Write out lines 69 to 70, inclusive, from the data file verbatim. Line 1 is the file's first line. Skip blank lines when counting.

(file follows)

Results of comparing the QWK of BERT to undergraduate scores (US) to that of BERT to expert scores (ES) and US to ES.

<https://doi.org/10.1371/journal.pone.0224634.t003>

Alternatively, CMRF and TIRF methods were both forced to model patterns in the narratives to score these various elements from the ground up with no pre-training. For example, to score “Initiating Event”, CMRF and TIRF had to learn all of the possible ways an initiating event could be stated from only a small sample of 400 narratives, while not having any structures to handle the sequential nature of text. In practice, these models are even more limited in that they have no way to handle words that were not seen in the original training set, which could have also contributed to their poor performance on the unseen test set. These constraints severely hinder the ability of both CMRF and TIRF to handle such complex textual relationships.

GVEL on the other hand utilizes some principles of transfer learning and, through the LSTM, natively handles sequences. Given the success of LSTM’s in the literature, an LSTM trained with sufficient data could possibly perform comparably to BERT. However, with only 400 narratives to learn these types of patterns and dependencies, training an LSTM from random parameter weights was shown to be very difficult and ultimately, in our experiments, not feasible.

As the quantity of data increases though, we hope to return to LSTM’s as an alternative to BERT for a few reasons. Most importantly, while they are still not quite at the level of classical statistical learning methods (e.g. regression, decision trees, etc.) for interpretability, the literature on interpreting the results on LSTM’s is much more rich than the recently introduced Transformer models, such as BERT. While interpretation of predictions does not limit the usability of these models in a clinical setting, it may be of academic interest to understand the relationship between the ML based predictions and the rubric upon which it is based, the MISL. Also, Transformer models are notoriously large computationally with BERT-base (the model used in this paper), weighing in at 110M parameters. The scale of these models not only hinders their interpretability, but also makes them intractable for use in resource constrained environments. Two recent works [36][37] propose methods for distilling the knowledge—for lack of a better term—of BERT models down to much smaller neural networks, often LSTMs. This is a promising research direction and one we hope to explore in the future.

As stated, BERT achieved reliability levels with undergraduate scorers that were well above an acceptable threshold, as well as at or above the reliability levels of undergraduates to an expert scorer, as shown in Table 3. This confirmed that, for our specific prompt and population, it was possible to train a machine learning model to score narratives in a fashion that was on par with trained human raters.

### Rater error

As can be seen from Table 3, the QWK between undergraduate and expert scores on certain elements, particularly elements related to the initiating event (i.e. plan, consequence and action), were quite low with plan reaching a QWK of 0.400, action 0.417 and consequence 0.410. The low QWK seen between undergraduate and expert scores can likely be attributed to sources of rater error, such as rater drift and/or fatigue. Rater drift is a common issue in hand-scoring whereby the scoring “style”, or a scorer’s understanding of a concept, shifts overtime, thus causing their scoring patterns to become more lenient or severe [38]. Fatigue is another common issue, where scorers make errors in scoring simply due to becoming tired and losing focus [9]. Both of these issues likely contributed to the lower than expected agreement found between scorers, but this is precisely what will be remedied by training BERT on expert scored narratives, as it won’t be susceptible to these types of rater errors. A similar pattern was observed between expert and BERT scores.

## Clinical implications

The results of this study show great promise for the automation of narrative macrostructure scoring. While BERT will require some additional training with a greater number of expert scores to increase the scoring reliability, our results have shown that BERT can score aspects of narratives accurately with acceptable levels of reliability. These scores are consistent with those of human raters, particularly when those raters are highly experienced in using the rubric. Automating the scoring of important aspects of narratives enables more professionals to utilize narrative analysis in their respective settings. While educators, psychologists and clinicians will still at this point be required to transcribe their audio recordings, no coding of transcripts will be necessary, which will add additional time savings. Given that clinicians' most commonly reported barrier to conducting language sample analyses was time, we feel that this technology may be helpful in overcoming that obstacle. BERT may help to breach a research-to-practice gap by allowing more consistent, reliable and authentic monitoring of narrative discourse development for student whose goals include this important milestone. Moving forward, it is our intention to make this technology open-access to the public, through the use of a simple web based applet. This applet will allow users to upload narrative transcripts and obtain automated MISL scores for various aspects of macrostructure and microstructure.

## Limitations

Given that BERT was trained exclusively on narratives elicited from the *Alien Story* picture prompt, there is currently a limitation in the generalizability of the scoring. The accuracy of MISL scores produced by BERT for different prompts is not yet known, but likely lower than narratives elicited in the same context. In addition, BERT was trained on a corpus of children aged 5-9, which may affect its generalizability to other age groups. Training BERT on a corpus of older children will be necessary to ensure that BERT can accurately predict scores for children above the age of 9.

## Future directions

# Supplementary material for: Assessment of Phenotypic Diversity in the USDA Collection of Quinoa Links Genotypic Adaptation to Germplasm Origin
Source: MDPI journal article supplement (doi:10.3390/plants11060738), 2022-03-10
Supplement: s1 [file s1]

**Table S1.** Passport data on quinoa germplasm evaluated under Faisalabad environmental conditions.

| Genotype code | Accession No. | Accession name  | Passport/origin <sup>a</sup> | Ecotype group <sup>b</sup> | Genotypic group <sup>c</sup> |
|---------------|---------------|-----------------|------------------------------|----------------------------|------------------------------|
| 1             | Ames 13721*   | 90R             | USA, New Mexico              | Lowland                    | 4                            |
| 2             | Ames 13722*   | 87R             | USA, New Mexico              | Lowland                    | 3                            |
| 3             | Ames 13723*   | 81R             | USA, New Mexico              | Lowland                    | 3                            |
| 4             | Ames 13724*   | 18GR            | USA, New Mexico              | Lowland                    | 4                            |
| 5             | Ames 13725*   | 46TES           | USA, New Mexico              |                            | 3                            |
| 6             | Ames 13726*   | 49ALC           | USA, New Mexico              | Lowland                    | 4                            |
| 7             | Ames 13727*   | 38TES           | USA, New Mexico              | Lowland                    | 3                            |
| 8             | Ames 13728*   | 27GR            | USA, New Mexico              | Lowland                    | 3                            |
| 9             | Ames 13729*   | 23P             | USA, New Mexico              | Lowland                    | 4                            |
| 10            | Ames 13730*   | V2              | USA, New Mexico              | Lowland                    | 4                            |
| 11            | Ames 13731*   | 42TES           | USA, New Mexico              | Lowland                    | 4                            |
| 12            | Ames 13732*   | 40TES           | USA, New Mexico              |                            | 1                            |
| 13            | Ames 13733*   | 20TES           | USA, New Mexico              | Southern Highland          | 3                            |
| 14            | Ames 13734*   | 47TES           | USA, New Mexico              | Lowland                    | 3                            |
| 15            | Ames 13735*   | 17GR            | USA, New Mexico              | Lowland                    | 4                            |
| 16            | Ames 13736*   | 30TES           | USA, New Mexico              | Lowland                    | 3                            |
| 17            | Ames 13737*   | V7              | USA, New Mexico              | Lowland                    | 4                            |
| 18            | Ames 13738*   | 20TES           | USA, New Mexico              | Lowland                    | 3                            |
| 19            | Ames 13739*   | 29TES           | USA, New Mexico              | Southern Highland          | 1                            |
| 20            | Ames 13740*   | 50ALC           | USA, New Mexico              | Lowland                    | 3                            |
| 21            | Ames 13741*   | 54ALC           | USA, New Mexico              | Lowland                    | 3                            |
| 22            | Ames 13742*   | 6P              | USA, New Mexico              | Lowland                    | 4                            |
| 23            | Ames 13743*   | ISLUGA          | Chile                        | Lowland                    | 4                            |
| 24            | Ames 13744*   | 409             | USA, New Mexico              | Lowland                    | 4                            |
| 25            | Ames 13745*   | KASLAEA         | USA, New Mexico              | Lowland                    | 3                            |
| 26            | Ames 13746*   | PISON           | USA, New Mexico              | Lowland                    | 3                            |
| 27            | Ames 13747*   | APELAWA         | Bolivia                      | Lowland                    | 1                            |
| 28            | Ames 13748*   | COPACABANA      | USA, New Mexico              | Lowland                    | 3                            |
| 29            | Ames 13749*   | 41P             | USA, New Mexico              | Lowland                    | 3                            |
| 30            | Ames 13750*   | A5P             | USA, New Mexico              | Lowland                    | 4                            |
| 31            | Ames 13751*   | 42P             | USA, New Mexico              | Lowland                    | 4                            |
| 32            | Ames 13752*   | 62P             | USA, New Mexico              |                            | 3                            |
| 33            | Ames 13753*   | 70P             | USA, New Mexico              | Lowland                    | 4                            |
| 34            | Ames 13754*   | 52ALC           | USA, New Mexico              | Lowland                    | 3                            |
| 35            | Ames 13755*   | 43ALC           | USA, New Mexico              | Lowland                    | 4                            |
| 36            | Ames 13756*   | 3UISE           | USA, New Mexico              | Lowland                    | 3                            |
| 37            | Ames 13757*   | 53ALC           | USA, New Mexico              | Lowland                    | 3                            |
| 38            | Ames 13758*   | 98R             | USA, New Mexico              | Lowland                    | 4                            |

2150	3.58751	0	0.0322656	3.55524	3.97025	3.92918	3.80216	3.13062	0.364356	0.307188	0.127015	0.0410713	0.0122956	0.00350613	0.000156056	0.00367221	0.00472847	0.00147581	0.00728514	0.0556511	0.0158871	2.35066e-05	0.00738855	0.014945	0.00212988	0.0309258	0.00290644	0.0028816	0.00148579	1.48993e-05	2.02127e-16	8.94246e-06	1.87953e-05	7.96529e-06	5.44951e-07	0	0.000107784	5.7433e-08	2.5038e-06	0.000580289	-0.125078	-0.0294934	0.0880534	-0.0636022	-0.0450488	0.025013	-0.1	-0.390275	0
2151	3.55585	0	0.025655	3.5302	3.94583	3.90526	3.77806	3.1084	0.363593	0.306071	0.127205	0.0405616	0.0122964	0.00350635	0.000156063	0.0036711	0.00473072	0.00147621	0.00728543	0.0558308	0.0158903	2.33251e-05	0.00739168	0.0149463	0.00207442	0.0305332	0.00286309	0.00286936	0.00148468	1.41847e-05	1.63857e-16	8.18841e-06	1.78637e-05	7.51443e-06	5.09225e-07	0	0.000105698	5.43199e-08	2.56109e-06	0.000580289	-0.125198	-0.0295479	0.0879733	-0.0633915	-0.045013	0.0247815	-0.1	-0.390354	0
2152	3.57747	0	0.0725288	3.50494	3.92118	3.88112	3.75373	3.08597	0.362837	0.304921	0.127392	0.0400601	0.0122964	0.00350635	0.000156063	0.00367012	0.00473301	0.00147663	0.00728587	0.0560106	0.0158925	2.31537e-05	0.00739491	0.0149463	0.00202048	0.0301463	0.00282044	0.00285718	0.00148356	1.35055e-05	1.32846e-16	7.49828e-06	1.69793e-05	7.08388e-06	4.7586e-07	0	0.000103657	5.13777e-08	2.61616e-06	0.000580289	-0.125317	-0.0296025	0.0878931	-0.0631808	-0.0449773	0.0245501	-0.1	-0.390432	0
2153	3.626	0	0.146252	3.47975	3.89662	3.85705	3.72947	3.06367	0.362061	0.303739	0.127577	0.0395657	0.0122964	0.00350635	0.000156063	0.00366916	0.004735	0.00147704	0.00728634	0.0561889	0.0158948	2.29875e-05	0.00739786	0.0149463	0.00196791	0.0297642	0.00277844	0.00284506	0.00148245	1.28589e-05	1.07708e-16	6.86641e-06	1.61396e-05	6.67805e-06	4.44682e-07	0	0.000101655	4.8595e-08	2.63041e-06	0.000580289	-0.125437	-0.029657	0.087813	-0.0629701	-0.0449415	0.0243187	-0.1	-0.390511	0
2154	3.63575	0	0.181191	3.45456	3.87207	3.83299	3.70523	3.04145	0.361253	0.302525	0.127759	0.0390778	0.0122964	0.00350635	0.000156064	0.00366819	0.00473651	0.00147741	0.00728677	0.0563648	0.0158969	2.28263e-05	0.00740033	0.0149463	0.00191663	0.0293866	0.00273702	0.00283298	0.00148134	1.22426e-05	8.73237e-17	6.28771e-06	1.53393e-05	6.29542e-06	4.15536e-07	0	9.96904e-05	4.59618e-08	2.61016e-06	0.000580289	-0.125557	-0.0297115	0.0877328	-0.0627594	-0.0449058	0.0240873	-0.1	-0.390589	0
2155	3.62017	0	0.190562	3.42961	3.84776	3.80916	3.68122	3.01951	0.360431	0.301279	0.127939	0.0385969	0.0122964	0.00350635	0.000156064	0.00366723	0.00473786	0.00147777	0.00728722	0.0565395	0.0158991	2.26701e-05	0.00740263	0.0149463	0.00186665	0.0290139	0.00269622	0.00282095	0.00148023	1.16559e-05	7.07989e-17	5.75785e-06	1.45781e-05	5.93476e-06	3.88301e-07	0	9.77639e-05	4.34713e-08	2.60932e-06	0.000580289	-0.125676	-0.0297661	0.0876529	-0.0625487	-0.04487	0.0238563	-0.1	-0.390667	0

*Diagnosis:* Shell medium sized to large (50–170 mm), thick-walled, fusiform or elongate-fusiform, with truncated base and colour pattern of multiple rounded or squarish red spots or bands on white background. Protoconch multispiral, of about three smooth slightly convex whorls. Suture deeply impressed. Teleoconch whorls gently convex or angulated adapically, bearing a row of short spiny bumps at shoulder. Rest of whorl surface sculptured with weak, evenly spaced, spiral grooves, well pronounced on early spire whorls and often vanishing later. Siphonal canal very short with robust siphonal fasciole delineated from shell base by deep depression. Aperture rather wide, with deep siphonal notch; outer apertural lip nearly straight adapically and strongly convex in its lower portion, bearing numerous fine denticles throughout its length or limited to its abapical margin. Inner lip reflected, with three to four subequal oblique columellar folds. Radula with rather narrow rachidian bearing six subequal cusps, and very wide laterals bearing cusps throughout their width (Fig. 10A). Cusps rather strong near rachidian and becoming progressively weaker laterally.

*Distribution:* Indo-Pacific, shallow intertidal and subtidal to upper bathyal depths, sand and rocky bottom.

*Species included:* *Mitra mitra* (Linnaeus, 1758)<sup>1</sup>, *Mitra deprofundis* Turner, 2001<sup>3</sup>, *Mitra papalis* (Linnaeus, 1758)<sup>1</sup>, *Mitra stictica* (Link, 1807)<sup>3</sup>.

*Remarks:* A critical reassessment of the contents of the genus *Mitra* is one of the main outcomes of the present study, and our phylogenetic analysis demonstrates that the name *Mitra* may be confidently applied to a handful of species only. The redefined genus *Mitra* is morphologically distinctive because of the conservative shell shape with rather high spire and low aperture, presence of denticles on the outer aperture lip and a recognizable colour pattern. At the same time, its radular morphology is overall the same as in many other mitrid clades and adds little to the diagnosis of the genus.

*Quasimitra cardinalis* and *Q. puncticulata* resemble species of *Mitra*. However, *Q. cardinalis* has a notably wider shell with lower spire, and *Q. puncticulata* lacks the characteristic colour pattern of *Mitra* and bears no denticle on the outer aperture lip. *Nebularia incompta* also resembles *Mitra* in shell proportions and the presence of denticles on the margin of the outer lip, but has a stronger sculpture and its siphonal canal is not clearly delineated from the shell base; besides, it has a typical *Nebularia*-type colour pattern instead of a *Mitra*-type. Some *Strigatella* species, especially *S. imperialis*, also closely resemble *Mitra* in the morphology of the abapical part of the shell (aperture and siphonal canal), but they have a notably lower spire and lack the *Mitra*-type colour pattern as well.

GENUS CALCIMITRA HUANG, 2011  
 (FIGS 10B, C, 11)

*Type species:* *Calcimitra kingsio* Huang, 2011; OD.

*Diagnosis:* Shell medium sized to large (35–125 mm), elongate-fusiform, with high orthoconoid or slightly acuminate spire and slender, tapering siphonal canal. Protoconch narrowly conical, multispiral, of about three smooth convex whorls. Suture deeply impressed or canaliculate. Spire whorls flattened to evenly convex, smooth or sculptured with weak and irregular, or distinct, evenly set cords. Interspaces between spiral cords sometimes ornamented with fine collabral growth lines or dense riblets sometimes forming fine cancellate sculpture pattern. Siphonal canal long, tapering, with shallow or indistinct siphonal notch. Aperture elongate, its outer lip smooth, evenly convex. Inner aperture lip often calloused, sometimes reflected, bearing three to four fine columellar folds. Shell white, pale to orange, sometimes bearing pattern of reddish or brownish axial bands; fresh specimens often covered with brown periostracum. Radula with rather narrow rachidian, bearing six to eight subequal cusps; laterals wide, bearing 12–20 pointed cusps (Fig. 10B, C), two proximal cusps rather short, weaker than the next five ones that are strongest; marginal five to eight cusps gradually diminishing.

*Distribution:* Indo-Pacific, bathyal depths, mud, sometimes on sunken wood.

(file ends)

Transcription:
GENUS CALCIMITRA HUANG, 2011  
 (FIGS 10B, C, 11)